I couldn’t put it down…well, I could have – he broke it into nice neat little chapters, I just didn’t want to put it down. It was well worth the read.
Find more Chambers on Facebook
Short stories worth a mention:
The Story-Teller by Bruce Jay Friedman: I found this interesting as the ending reveals what hell would be like for writers (*shivers*).
The Lion Wedding by Moira Crone: This short has a great pace that feels close to running with the lack of overall details. That’s not to say the details were lacking, because they weren’t and what was there was beautifully written. It felt intentional, missing but not missed. Make sense? Anyway, great short about loving a beast (not beastiality) and what could come of really understanding your mate. Loved it!
Attack on Titan (Shingeki no Kyojin) by Hajime Isayama – The Japanese title translates literally to Advancing Giants, which makes more sense than the English title, but maybe it was for the sake of avoiding giving too much away that the title change was made ??? Regardless, here’s a story set in an alternate past/future universe where as a solution to the evils of humanity (in which endless wars are fought for property and ideology) a new species of being was created to unite humanity by attacking it. Low and behold, it wasn’t a solution and turns out that even as humanity is facing extinction, our genus is still a bunch of arrogant boneheads (to put it lightly). I’ve watched the anime which takes us through to about chapter 30 in the manga and read chapters 1-53 (+) and have to say this is probably one of the most unique story lines I’ve read. If you’ve only watched the anime you haven’t even begun to understand the level of weird this story goes. I highly recommend this manga. I don’t know where this is going, but wow, what a fun ride.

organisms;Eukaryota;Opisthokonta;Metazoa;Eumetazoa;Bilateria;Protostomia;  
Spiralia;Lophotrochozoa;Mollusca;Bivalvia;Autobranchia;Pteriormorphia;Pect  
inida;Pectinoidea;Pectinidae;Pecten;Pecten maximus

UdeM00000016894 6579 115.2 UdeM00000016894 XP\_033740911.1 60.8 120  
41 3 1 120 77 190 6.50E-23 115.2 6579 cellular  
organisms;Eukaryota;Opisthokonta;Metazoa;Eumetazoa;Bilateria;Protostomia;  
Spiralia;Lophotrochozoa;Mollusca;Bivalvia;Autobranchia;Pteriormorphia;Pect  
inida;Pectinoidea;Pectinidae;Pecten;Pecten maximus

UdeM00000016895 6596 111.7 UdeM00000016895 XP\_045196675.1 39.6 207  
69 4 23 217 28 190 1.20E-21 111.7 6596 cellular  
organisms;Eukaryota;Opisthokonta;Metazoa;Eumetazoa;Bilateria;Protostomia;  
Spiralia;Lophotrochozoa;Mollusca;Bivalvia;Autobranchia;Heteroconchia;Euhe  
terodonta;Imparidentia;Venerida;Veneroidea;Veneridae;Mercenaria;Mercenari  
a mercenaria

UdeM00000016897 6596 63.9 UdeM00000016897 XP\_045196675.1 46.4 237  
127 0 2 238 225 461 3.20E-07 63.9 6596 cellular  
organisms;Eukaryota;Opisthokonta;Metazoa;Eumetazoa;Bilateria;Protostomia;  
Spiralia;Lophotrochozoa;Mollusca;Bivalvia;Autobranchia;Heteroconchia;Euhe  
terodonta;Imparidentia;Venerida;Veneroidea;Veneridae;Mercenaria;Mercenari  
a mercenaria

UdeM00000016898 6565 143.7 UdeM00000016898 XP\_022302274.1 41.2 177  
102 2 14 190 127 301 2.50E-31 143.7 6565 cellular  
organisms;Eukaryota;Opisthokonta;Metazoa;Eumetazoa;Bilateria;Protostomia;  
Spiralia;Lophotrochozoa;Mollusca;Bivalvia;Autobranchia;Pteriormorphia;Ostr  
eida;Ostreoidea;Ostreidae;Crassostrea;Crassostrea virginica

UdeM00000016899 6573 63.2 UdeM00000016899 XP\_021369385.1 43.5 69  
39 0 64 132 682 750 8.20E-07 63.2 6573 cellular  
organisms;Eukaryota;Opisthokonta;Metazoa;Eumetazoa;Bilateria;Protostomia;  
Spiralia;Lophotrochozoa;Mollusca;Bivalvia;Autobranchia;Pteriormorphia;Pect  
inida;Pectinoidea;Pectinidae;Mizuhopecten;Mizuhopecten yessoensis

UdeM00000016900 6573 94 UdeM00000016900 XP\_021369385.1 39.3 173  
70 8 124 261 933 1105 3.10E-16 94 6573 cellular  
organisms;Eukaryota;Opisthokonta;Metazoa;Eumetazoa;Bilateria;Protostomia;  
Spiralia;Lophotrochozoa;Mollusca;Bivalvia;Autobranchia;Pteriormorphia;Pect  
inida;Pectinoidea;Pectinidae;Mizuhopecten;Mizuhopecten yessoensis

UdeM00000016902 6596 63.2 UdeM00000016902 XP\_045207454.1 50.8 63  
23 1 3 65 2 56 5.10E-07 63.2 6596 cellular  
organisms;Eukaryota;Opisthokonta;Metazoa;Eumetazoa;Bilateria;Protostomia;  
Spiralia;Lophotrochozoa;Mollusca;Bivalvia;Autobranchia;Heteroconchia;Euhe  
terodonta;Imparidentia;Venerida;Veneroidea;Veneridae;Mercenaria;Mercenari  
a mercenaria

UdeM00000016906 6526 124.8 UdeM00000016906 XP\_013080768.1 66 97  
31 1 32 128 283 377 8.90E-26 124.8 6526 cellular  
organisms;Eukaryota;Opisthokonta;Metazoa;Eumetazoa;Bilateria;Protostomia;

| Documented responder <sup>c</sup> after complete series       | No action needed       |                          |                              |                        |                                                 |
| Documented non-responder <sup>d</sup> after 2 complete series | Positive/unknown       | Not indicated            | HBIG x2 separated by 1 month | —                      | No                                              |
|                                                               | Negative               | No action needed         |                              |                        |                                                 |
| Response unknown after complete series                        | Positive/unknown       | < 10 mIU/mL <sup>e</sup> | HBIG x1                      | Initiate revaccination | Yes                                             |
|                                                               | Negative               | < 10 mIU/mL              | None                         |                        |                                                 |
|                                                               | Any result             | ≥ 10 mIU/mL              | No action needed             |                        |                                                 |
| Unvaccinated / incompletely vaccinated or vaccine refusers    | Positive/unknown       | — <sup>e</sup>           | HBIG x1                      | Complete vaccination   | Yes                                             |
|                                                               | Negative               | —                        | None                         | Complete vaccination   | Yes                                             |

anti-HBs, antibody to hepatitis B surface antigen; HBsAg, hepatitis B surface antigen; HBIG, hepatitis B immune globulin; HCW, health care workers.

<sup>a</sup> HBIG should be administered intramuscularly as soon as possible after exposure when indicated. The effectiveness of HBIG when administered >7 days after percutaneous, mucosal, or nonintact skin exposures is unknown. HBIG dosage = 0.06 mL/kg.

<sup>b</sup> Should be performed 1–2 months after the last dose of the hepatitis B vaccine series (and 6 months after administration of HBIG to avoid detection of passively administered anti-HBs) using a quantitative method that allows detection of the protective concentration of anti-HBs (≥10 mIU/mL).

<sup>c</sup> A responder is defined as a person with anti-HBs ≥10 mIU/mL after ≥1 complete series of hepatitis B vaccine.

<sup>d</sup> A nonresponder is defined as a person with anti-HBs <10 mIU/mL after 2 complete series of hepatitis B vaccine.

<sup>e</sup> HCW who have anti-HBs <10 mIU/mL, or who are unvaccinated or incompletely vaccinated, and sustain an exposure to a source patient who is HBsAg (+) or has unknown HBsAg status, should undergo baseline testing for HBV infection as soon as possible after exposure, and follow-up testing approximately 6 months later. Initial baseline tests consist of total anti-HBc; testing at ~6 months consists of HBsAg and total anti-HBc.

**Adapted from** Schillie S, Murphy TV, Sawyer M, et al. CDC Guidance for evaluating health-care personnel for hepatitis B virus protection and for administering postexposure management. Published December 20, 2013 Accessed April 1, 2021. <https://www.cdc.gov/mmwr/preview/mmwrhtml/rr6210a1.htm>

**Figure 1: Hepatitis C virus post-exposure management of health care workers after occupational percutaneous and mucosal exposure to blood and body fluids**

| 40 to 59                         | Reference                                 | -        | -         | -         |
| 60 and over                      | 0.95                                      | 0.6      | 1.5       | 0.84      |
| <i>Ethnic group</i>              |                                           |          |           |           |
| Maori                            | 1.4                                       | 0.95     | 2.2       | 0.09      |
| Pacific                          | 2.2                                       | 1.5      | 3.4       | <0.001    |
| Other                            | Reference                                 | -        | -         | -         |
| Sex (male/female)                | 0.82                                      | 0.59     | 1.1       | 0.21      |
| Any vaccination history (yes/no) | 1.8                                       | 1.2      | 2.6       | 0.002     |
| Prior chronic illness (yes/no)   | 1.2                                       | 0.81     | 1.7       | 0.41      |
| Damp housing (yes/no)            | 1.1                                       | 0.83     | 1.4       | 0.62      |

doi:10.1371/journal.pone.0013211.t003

Learn more about Isayama on wikipedia
Mushishi by Yuki Urushibara – I found this after watching the anime by the same name. Most Animes are based off of some really cool manga, so if you like an anime and want more from the story, try finding the manga – you’ll likely be happy to find that the story is much more extensive in print. That’s why I looked for this story – I watched this anime, all 26 episodes in both subtitled and dubbed versions so many times that I probably have event the japanese script memorized. This is one of those exemplary stories that proves that a tale doesn’t have to be high action to be deeply interesting. Mushishi is about a wandering medicine man (for lack of a better analogy) who solves peoples ailments by identifying the mysterious forces behind them. Each episode (and vignette in the manga) is complex, the solutions are mostly not ideal though there is always a resolution that makes the situation at least a little better. The characters are compelling and their histories feel real enough to become invested as a reader. Pick this one up if you can.
Find out more here, because I’m really not doing this series justice.
Research, etc… (non-fiction)
Outlining your Novel by K.M. Weiland – This has some good information about the why’s and how to outline as well as some good personal statements from successful authors about how and why they outline. This is worth picking up, but it shouldn’t be your only resource on outlining. I read through this book then went online and looked up outlining for the specific program I use to write (Scrivner) and found some good video tutorials and resources specific to what I’m looking to do. This is a good resource none the less and worth picking up.
Building Platform: What Most Authors are Getting Wrong – a blog post by Anne R. Allen – Great information here – you should give it a read if you’re interested using your time more efficiently as a writer. (click the title to go there)
2 Must-Dos to Make Your Book Marketing Infinitely Easier – a blog post by Kimberly Grabas – another great resource to review.
(I actually read many blog posts on marketing and writing techniques but it only just occured to me to count them in this project so more will be listed in the next quarter)
I’ve started a couple anthologies as well, but I’ll talk about those stories in my next reading post. Until next time, happy reading!